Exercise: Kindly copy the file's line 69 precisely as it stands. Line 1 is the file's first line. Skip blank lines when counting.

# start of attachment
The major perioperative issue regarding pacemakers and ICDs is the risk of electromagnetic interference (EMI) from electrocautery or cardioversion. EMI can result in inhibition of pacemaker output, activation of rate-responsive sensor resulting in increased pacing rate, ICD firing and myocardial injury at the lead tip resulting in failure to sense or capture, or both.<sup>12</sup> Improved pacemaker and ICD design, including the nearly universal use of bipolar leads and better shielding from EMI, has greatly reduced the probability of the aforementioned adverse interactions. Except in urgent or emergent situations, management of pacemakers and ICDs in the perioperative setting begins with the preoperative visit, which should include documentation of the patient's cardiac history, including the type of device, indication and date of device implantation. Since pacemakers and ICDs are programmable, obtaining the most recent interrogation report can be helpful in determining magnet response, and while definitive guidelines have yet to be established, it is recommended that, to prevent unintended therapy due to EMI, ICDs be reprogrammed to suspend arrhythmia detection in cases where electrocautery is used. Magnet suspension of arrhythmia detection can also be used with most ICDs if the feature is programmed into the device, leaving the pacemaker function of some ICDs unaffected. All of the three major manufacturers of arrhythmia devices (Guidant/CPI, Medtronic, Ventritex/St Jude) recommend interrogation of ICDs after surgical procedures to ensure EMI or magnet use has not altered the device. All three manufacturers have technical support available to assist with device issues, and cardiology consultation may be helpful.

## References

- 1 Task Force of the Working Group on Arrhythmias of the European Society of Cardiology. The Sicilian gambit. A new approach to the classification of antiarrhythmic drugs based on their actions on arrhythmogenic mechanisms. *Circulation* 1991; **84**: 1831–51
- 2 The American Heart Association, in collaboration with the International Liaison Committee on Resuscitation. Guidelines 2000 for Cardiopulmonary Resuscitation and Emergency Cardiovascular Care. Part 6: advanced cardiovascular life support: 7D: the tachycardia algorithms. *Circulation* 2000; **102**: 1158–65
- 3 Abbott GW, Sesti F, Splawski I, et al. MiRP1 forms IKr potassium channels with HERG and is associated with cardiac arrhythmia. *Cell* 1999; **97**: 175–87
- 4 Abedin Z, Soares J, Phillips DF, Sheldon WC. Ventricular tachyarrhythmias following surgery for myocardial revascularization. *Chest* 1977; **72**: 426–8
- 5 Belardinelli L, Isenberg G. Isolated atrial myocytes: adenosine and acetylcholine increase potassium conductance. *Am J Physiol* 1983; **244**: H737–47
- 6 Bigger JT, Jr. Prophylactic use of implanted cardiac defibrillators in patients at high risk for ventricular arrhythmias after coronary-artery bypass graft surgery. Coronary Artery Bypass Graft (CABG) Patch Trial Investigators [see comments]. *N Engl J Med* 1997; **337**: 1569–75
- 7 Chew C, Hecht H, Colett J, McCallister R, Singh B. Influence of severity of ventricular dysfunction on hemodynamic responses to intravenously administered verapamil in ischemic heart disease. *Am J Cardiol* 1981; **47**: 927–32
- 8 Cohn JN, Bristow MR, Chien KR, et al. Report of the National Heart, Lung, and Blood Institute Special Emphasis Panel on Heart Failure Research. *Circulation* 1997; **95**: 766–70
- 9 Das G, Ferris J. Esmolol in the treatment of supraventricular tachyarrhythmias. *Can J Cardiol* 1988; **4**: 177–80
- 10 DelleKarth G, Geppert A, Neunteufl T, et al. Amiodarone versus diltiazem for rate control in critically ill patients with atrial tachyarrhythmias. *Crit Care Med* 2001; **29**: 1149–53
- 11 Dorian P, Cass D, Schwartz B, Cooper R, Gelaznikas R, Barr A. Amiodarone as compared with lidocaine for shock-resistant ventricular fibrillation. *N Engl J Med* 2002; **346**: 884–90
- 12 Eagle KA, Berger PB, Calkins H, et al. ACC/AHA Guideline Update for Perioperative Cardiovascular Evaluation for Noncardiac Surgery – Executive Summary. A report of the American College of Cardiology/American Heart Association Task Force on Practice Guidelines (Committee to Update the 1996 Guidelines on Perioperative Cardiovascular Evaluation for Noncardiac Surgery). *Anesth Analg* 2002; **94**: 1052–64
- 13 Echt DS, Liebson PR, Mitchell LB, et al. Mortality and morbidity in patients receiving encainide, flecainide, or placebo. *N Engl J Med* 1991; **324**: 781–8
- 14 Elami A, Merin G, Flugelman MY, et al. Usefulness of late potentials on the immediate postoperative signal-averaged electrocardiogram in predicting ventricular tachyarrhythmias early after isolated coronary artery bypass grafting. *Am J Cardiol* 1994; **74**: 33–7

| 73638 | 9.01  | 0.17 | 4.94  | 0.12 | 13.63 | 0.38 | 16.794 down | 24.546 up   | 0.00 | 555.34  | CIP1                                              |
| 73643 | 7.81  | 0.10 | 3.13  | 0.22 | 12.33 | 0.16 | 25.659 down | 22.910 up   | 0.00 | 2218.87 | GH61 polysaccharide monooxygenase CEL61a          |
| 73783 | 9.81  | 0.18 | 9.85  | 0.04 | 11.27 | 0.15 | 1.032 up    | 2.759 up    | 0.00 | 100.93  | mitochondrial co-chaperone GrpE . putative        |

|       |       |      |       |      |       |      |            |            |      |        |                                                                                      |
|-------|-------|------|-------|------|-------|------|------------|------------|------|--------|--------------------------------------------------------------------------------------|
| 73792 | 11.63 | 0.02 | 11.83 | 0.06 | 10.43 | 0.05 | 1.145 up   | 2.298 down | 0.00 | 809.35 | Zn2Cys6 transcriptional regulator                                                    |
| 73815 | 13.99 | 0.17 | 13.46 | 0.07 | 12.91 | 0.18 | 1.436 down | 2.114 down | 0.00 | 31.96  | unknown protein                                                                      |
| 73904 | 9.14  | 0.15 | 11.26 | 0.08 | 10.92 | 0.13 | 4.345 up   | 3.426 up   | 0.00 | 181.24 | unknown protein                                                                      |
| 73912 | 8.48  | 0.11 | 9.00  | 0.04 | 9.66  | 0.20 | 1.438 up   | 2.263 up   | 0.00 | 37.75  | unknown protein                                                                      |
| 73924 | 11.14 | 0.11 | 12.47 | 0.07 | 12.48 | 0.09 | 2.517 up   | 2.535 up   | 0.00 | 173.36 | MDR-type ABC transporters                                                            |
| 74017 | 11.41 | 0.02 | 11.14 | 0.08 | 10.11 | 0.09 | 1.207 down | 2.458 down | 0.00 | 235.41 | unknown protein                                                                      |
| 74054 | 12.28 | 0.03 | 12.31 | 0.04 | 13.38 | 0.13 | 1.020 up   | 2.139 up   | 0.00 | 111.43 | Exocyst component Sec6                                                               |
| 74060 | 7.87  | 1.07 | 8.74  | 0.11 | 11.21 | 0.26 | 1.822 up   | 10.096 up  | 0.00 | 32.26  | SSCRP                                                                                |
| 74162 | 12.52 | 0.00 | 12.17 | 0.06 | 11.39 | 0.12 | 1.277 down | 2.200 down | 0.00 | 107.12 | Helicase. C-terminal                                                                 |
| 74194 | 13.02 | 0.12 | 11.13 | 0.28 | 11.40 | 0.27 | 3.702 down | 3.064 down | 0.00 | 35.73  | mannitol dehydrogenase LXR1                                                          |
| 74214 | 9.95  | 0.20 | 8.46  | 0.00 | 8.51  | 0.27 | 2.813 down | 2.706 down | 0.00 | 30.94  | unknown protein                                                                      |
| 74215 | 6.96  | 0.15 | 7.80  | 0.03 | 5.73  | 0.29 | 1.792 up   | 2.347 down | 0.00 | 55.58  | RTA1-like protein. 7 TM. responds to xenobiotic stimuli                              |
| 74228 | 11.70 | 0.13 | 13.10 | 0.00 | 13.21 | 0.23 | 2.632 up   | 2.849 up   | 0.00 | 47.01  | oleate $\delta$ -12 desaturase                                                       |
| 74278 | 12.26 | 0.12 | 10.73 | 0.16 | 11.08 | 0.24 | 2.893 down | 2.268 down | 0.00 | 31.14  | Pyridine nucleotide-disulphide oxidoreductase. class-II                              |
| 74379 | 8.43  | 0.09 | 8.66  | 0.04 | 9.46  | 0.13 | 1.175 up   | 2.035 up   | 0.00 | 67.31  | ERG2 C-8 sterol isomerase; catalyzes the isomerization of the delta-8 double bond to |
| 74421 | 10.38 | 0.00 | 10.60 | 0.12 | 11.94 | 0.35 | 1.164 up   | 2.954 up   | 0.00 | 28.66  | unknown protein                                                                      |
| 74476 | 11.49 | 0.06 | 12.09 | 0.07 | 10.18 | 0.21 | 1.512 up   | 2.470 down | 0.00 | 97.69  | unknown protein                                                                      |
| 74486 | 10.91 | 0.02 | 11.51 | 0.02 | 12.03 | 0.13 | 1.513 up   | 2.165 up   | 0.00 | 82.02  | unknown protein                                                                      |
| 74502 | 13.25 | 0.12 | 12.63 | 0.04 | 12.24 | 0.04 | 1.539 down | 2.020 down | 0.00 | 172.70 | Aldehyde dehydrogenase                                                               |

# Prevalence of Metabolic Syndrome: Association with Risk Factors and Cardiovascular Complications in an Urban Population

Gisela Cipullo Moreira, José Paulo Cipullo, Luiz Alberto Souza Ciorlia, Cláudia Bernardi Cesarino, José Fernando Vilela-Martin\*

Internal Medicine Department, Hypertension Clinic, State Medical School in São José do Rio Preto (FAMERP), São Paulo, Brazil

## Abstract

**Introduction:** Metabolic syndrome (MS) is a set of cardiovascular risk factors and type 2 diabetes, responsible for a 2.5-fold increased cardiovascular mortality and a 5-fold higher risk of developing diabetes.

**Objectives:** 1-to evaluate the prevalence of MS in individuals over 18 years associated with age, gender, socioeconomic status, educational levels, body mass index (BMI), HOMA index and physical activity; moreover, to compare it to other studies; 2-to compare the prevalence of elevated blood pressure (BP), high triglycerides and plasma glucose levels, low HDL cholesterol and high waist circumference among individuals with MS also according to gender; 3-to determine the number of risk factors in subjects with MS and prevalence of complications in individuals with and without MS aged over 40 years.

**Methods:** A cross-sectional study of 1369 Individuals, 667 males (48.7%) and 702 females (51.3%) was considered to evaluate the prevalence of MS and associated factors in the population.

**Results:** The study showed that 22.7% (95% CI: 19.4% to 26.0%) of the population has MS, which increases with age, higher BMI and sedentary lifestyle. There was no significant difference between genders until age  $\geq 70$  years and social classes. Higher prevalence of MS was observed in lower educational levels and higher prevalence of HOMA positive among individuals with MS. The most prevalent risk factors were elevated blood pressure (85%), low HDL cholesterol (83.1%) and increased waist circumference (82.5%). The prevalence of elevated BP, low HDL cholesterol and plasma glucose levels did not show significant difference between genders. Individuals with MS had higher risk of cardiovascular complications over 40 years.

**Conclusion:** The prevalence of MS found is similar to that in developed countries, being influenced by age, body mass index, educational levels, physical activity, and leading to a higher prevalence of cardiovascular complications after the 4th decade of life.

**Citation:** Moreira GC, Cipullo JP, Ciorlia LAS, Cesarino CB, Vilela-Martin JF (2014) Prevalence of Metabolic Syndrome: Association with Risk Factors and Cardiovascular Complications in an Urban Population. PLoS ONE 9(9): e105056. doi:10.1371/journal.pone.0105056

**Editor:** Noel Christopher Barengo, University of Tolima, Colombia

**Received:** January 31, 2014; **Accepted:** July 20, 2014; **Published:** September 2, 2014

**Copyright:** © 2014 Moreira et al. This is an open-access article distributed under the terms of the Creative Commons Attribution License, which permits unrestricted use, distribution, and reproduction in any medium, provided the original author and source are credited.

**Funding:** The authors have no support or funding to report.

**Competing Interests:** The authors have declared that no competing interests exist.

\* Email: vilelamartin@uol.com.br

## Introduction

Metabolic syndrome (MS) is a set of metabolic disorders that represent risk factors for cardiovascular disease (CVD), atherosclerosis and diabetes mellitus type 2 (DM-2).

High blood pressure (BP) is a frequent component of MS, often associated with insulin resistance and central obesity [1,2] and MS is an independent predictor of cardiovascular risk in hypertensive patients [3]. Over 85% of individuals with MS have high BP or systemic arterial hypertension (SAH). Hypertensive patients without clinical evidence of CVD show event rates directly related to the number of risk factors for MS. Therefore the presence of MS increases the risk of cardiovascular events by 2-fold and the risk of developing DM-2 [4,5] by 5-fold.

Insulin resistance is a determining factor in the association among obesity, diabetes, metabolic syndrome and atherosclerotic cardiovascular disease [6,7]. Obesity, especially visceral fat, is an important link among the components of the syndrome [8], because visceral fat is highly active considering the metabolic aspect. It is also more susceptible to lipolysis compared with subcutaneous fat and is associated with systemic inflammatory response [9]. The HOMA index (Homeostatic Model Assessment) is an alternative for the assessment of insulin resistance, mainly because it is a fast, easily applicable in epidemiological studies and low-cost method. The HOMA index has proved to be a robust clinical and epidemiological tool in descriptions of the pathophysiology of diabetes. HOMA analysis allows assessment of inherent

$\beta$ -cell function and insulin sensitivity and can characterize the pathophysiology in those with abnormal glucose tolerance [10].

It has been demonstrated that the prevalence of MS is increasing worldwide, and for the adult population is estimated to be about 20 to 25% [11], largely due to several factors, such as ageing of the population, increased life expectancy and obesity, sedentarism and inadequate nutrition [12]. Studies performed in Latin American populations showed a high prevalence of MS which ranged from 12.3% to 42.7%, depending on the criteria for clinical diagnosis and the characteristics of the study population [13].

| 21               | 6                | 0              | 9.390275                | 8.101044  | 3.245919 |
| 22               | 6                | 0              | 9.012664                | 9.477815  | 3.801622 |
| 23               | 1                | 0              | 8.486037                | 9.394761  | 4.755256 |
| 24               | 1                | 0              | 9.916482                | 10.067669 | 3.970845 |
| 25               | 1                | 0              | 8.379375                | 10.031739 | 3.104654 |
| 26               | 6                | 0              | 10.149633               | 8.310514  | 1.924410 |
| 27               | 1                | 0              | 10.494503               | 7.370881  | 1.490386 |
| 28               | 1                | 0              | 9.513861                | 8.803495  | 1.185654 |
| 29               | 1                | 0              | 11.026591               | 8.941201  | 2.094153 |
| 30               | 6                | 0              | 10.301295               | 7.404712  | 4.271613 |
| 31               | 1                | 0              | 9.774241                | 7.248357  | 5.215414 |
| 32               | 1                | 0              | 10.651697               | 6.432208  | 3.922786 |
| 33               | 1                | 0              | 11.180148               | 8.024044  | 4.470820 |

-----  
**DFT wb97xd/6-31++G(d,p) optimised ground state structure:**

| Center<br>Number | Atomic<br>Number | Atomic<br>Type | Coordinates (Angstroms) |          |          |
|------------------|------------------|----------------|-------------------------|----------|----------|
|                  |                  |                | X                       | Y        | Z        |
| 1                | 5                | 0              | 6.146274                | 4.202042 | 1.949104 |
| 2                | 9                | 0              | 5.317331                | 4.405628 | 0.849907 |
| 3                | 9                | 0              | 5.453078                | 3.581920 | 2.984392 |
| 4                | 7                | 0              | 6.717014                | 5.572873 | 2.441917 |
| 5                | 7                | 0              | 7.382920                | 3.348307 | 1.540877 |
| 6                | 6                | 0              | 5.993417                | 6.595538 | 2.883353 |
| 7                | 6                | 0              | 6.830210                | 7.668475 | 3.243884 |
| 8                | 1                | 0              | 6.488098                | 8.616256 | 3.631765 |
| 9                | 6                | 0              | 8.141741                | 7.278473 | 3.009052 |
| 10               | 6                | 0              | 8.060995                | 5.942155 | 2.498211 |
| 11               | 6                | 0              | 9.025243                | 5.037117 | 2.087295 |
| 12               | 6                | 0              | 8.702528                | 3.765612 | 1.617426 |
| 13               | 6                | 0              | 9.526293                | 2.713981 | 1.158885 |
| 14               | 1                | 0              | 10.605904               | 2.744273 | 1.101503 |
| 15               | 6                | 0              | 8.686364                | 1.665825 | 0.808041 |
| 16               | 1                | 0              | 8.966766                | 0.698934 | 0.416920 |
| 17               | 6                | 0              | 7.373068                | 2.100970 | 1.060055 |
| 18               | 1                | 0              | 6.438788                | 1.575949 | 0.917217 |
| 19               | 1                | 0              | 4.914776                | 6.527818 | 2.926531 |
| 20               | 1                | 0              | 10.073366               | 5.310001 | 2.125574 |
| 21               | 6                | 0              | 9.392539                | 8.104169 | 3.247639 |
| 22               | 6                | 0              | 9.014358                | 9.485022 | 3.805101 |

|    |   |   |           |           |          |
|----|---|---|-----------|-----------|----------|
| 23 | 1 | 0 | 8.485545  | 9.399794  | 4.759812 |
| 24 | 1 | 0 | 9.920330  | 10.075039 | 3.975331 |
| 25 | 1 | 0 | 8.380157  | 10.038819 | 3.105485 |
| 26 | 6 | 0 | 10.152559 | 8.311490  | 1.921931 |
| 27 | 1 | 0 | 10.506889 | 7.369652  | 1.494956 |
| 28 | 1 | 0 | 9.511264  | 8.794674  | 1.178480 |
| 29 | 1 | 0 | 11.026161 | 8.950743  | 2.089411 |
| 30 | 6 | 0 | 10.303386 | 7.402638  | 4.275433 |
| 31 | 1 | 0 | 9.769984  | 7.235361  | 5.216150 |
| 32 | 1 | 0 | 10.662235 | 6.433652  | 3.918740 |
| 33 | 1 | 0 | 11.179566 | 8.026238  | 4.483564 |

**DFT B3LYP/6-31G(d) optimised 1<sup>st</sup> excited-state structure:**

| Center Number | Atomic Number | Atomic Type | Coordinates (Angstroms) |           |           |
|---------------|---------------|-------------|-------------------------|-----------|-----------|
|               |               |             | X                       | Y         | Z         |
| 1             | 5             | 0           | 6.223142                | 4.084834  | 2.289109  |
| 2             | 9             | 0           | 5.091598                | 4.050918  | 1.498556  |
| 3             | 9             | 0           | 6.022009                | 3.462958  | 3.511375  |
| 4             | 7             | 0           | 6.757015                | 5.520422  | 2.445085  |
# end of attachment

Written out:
| 27               | 1                | 0              | 10.494503               | 7.370881  | 1.490386 |